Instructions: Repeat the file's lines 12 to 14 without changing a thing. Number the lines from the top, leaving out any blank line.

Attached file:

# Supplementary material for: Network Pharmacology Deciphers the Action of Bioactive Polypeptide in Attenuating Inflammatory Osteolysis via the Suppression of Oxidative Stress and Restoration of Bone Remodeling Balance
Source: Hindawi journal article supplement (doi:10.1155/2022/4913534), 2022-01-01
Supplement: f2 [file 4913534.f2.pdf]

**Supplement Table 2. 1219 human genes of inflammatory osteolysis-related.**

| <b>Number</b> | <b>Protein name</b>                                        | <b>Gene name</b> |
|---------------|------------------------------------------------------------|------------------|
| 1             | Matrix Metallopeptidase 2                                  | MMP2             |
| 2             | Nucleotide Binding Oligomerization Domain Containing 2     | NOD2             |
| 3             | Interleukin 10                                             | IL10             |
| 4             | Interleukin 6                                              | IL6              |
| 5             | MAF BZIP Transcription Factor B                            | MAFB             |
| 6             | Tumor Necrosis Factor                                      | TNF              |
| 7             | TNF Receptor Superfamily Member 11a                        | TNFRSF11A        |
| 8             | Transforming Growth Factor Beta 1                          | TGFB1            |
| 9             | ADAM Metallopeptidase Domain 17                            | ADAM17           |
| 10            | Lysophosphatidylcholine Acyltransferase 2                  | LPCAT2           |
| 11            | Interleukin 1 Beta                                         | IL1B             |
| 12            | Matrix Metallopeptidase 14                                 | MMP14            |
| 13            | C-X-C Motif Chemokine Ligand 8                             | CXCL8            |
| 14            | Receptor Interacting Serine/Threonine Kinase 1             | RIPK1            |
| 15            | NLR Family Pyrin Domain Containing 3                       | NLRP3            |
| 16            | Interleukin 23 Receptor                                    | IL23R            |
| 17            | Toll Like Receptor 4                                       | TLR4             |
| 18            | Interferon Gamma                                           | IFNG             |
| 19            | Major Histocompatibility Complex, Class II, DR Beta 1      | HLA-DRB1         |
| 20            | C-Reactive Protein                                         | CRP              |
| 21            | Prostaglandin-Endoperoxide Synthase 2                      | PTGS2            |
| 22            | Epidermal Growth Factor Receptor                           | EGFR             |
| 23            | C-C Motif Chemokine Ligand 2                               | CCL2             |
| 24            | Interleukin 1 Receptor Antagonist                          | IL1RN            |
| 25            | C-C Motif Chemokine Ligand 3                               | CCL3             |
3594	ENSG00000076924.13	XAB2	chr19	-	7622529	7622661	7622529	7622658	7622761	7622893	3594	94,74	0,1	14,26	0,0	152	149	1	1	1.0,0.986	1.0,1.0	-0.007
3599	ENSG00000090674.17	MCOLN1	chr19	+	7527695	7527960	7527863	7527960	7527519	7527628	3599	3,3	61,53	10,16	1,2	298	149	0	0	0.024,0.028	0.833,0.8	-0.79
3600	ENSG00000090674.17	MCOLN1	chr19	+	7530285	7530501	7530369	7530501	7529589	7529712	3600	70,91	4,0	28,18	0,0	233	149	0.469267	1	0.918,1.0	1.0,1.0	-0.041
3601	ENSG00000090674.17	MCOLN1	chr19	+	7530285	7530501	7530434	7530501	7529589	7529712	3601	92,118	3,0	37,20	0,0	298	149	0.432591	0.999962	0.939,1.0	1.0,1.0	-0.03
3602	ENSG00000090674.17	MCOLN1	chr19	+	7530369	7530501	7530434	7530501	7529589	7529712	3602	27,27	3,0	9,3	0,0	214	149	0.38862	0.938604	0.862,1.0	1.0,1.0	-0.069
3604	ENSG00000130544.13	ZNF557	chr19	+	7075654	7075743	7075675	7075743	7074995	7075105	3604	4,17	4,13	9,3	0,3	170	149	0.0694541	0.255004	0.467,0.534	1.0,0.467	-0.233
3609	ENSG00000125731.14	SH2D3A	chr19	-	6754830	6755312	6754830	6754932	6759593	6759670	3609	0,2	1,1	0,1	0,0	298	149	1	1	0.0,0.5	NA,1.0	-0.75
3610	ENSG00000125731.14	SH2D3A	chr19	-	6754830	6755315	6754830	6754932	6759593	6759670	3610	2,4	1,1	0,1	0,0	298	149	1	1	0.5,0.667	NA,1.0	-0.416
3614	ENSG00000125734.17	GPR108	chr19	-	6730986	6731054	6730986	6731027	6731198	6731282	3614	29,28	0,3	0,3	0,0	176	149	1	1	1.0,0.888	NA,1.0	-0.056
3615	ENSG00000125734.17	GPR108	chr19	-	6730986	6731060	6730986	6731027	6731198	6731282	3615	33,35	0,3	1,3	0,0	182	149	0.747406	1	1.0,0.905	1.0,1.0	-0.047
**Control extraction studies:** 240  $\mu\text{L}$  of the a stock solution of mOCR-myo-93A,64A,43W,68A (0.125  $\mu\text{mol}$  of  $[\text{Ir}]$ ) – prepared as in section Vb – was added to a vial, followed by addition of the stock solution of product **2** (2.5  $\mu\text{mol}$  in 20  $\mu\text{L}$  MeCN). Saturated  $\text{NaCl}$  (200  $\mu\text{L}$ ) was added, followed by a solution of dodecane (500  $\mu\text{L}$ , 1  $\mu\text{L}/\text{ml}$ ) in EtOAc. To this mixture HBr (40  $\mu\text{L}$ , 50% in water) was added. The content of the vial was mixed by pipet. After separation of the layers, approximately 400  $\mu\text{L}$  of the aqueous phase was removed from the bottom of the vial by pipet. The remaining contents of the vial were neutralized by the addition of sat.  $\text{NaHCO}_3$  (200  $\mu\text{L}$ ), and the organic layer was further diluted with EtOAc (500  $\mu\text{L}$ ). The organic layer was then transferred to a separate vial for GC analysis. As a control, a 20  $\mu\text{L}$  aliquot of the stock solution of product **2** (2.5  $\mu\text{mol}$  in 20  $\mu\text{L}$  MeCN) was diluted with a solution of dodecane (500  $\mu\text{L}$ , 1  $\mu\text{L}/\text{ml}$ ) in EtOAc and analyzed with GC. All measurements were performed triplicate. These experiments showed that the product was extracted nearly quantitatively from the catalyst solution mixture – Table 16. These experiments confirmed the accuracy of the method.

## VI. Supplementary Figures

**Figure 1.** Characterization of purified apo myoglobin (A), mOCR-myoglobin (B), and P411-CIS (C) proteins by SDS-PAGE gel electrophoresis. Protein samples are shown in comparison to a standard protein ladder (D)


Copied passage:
| 6             | Tumor Necrosis Factor                                      | TNF              |
| 7             | TNF Receptor Superfamily Member 11a                        | TNFRSF11A        |
| 8             | Transforming Growth Factor Beta 1                          | TGFB1            |